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Spokane, Washington  Est. May 19, 1883

Former police Chief Frank Straub files $4 million claim against city, alleges violation of due process

FILE – Spokane Police Chief Frank Straub answers questions about the arrest of murder suspect Timothy E. Suckow during a press briefing, Jan. 14, 2014 at the Public Saftey Building. (Dan Pelle / The Spokesman-Review)

Former Spokane police Chief Frank Straub filed a $4 million claim against the city Thursday, alleging a “violation of due process in termination.”

Straub was forced to resign late last month following complaints about his leadership style. His sudden ouster as chief followed months of rumors about his explosive behavior, as well as reports about personnel moves involving two women who were transferred out of the police department.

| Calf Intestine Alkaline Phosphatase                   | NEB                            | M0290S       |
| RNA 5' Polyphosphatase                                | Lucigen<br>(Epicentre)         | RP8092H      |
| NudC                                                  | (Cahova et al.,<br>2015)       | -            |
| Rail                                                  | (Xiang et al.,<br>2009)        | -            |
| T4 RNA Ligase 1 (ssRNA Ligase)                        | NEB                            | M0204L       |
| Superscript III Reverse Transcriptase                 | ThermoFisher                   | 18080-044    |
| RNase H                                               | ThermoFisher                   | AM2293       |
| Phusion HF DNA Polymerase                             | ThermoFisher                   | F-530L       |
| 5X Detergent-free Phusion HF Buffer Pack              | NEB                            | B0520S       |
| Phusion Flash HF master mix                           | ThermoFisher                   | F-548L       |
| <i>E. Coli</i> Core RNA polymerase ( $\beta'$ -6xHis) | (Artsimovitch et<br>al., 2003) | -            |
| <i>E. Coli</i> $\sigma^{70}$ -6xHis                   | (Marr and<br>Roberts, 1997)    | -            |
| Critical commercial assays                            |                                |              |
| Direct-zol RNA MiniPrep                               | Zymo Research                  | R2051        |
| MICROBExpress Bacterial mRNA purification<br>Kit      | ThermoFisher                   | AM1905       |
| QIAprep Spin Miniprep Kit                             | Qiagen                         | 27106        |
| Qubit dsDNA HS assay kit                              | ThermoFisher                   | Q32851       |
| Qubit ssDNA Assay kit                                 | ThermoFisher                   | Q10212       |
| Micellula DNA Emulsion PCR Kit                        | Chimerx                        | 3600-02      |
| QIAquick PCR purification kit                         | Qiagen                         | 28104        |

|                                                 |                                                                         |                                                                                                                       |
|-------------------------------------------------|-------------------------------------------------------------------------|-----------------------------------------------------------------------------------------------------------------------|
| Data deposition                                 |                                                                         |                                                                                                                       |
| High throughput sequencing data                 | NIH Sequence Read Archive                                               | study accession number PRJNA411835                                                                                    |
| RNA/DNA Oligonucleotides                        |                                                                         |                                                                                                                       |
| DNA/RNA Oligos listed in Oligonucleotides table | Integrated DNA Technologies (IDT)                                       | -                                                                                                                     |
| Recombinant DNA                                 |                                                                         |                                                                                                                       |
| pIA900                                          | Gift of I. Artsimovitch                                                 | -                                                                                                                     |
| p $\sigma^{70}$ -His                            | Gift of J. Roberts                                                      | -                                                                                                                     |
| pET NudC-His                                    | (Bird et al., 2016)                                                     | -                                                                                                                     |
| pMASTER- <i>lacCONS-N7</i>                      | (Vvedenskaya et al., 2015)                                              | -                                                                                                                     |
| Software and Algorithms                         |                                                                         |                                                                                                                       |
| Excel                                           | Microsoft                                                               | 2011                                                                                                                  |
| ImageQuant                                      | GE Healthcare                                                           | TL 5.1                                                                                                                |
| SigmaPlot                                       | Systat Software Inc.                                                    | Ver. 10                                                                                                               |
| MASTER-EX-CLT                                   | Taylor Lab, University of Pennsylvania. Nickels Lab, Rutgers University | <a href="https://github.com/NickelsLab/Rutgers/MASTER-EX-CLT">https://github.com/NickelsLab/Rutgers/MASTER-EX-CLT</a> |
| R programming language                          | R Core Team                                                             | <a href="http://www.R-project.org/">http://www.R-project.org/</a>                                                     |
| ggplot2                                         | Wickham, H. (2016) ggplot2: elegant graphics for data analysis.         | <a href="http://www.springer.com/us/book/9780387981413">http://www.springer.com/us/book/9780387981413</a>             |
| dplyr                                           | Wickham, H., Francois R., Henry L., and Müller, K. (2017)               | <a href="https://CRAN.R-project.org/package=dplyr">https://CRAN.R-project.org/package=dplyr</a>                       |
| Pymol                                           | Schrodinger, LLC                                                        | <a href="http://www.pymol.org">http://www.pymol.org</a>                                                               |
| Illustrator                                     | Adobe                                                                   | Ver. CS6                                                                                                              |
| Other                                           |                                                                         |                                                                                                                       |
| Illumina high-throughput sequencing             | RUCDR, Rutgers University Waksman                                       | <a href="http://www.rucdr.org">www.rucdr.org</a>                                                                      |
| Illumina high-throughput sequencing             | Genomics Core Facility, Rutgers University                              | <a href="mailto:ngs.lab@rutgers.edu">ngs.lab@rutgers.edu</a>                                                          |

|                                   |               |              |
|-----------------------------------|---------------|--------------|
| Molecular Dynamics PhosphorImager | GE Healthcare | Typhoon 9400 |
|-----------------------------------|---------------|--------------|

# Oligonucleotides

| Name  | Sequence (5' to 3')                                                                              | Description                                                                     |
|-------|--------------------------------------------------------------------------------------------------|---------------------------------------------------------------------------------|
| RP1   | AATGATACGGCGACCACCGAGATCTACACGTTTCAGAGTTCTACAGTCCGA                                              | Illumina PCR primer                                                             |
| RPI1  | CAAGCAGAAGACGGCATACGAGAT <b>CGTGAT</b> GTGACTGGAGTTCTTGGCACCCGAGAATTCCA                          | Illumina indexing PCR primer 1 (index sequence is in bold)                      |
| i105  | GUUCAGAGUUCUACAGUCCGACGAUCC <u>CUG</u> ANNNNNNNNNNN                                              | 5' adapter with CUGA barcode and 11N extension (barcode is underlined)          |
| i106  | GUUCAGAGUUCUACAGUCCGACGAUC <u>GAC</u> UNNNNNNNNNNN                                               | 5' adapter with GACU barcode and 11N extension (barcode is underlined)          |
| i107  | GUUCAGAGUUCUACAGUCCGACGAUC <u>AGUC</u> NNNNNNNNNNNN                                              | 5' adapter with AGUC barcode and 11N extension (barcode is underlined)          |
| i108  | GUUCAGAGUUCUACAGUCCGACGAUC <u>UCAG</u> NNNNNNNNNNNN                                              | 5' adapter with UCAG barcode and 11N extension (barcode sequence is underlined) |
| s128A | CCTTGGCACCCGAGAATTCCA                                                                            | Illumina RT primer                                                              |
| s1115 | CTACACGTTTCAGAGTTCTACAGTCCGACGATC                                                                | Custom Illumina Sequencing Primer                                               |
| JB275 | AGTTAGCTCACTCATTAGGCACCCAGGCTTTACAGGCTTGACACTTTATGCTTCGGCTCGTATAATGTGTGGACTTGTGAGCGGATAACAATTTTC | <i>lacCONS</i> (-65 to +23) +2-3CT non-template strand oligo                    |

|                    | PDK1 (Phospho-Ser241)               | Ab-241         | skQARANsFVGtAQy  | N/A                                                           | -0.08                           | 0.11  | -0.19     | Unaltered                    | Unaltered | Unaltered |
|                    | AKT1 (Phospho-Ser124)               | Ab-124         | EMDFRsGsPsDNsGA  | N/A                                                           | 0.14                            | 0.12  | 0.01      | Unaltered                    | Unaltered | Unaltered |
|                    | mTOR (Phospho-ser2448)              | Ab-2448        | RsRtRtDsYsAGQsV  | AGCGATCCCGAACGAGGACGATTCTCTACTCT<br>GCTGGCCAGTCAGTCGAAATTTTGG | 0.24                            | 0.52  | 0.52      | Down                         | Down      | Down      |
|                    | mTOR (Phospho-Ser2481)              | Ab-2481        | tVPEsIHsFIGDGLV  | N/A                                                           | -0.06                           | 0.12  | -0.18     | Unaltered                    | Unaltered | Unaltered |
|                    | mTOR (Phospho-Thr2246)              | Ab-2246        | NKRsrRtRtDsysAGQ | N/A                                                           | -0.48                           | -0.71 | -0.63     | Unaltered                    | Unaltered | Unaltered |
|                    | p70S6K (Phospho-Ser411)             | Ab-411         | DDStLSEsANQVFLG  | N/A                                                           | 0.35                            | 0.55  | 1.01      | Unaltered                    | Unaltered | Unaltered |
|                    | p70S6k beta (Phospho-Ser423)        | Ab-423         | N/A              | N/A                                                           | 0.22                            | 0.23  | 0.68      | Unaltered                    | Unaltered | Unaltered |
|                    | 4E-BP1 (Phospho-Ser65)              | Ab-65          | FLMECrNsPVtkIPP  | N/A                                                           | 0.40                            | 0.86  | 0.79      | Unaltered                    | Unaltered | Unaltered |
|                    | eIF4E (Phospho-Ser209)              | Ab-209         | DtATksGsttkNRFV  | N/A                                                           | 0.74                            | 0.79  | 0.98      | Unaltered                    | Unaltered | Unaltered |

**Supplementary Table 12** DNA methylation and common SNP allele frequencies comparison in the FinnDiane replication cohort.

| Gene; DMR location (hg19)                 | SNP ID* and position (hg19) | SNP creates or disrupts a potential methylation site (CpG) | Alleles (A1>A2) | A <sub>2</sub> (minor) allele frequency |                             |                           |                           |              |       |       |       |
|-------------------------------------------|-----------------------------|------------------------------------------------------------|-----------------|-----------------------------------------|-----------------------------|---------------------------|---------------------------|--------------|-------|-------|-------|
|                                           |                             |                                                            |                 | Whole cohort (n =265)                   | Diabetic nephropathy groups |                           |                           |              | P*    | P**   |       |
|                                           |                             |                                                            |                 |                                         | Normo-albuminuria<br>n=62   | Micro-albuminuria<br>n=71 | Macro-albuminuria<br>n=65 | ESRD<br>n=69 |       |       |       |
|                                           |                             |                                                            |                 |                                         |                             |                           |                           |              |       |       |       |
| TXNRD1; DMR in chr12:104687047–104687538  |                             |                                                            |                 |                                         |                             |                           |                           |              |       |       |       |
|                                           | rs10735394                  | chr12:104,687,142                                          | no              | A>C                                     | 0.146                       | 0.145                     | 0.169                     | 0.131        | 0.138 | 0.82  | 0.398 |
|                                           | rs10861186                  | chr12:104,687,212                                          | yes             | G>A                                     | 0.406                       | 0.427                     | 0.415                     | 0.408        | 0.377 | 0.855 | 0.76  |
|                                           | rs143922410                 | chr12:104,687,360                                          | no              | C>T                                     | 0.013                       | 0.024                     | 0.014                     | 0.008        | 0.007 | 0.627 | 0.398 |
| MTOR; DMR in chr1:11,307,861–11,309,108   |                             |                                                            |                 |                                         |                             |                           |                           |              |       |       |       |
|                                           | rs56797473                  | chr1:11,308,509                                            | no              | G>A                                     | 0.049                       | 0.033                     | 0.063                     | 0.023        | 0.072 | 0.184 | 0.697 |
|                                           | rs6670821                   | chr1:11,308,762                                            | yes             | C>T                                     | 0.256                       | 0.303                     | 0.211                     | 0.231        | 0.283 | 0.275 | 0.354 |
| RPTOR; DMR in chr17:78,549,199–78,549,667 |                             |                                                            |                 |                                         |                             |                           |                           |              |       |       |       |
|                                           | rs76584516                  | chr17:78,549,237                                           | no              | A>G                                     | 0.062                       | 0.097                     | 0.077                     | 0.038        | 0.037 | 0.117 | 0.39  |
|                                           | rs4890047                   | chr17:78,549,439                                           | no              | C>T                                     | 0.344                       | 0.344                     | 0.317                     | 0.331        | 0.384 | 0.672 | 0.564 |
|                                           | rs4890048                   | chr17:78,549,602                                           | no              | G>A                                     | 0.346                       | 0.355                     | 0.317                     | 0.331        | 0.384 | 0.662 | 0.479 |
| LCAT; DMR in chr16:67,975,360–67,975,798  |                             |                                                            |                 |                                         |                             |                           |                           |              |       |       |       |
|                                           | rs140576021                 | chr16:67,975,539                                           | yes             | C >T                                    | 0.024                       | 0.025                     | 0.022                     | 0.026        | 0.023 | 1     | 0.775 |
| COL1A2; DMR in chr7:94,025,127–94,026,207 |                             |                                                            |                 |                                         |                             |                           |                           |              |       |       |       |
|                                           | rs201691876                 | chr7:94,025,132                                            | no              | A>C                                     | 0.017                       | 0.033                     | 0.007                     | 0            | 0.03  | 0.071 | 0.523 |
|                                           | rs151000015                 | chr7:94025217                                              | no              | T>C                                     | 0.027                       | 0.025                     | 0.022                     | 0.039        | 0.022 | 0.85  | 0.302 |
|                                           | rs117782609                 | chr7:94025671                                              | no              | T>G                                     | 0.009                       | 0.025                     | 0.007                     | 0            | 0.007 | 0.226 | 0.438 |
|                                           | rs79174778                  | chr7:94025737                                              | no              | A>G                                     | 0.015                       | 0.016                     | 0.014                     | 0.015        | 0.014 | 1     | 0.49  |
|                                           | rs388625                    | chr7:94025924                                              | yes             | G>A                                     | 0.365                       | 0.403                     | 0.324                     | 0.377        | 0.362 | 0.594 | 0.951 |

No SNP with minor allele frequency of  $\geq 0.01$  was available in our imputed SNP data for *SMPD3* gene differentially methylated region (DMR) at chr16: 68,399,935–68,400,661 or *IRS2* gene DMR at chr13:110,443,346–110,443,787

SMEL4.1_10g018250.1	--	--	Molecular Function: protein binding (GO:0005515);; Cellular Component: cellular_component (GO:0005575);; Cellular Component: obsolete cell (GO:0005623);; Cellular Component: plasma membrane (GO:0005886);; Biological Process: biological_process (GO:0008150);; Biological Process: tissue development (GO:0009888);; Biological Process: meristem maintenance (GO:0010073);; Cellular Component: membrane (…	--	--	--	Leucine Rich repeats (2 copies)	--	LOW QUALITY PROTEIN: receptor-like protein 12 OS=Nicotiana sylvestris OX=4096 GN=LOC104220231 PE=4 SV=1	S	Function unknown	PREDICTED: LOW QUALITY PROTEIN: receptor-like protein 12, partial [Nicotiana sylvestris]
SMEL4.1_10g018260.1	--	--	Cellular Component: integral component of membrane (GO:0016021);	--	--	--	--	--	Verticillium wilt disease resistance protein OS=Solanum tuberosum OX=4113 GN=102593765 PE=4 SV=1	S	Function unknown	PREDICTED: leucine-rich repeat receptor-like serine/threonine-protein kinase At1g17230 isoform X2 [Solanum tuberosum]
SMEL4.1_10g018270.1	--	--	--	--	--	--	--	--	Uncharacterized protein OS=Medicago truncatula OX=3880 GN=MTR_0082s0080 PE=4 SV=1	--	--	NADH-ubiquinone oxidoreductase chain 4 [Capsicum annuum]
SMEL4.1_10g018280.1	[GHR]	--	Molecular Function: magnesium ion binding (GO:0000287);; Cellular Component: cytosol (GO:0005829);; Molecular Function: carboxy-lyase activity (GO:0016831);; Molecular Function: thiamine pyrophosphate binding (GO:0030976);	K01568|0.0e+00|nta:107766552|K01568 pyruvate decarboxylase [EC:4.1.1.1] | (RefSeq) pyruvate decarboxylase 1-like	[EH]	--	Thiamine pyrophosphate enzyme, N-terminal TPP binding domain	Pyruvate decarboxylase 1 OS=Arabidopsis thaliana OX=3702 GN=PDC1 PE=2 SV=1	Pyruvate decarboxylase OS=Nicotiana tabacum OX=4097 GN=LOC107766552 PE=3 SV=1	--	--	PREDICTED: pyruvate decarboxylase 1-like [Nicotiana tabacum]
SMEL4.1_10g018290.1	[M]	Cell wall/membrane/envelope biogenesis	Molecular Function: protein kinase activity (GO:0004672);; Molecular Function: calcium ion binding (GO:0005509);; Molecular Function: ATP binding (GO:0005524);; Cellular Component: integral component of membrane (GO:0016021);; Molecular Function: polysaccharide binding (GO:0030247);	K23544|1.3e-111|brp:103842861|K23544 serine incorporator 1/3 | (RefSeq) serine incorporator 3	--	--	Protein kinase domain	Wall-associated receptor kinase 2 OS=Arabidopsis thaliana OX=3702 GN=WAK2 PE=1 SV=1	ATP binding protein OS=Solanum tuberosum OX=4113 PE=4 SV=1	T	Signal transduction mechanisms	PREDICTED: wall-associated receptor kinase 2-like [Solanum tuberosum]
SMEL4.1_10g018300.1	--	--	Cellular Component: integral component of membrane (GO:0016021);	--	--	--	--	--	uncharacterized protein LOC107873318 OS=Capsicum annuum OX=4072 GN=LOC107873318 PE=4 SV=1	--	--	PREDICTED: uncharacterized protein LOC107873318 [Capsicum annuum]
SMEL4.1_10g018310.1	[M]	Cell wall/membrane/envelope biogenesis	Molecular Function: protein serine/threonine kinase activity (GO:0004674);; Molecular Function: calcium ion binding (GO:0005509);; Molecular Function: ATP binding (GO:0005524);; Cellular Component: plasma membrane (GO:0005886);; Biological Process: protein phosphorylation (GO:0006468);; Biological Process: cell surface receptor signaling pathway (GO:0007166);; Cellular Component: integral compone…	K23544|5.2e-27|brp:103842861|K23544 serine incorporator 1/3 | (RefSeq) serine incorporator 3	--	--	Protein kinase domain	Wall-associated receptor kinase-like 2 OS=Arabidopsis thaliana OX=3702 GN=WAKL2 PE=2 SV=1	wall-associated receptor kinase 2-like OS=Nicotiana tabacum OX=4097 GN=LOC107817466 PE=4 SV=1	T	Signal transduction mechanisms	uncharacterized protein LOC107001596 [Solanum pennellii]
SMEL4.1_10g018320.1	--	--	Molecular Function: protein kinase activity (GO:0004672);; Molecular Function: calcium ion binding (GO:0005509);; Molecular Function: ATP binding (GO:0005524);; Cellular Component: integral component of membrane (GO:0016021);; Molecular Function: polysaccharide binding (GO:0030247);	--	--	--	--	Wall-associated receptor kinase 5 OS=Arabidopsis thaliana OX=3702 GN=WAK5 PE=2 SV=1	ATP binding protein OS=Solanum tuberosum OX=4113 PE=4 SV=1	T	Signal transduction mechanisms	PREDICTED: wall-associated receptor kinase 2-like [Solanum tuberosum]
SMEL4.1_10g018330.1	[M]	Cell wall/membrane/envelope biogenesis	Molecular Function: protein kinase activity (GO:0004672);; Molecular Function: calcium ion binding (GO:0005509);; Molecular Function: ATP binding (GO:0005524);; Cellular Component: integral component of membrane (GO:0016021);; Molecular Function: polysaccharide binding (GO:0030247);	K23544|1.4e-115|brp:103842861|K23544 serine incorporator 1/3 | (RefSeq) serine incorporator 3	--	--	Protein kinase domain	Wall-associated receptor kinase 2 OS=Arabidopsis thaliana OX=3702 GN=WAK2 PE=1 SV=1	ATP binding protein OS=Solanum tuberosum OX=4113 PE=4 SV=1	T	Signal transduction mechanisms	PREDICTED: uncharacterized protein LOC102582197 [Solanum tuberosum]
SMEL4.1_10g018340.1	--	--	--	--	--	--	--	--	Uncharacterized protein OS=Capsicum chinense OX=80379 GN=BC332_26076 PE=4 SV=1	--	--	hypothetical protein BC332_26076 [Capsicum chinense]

In his claim, Straub denies that he resigned. The demand letter from his attorney, Mary Schultz, states again and again that Straub was “fired.”

“You fired Chief Straub,” the letter states. “His termination was already fact. … You had already buried him as the police chief.”

Although he had lost the confidence of Mayor David Condon and is pursuing a multi-million dollar claim against the city, Straub remains employed as the highest paid city worker. He was reassigned to work in the city attorney’s office “during the transition period to ensure the continuity of important strategic initiatives,” the city said in the news release last month announcing Straub’s departure.

Brian Coddington, the mayor’s spokesman, said he couldn’t discuss the claim.